The first thing I’ll say about it is that it has critical praise coming out the wazoo. The second thing I’ll say about it is that I had some assumptions and preconceptions about the book (aside from the heaps of critical praise) that made me expect something completely different.
I think the critical praise is warranted, for two reasons. First, this guy can truly write. He has a gift with words that makes reading this book easy and enjoyable. Even when he uses metaphor or figurative language to make a point, it’s understandable and meaningful (unlike, e.g., Michael Chabon’s use of metaphor, which is often incomprehensible). And even his straight literal writing is often moving. Example: after slipping some money into a poor boy’s bag while strolling through 1922 Cairo, one of the characters writes:
There is a mist of good luck, I suppose, hanging about the worthy or at least the entertaining poor — as if their one compensation for their lot is to decide upon your future, or as if they are an easy way to impress whichever gods one thinks will be judging one later or clearing one’s path sooner. Or, perhaps there is no surer way to prove to yourself that the poor are not you than by giving them your money.
I don’t know what it was about that particular passage, but it just resonated with me. Second, I think he’s constructed a whopper of a tale here, but more on that below.
As for my preconceptions and assumptions about the book, let me just say that for some reason I completely expected the next Da Vinci Code, set in the desert. I expected chases, thrills, suspense, treason, a Vatican-controlled conspiracy, secret clubs, aliens, etc. Okay, maybe not aliens, but I had visions of a hero being chased through the tunnels of the pyramids, clutching the final piece of a puzzle that some evil organization wished to keep secret. But this book contains none of that. In fact, in large part because of its structure, there is very little in the way of suspense, spine-tingling confrontation, chips, dips, chains, whips and the like. This is because the story is not written as a true narrative, but rather is pieced together solely and exclusively out of journal entries and correspondence by the main characters.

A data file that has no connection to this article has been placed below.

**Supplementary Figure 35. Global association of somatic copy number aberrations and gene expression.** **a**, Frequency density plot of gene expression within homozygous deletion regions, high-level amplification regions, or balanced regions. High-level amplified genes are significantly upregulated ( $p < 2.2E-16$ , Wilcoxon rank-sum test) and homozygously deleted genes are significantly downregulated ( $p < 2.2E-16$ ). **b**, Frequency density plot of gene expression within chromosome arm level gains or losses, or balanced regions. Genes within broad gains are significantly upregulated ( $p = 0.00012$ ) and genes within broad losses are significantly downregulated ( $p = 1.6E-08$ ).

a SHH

This structure initially led me to the point of confusion, as I tried to understand who was who, what their story was, and how all of the characters mentioned related to one another. And I’ll admit it was a bit of a struggle early on, but in the end I believe it was worth the effort. And I’ll also say that the book seemed a bit longer than it needed to be. I don’t know why I say that, because if you ask me to go back and excise portions of it, I don’t know that I could pick any particular pieces that could be done away with. But the fact of the matter is that the book is 383 pages long (which I think would require two trips to el bano for DJ Cayenne given his ferocious speedreading abilities), but the denouement (sp?), to the extent there is one, takes place almost exclusively in the final 20 or 25 pages.
And when I say “to the extent there is one”, what I mean is that this book, in retrospect (meaning when I woke up at 2:00 am last night and started thinking about it a couple hours after finishing it), reminds me quite a bit of Life of Pi, in that the reader is essentially presented with conflicting accounts of what truly happened, and reasonable minds can differ as to what the true result was. If anyone else reads this, I would love to discuss it to find out if what I think happened is what you think happened. What I think happened truly is a whopper of a tale.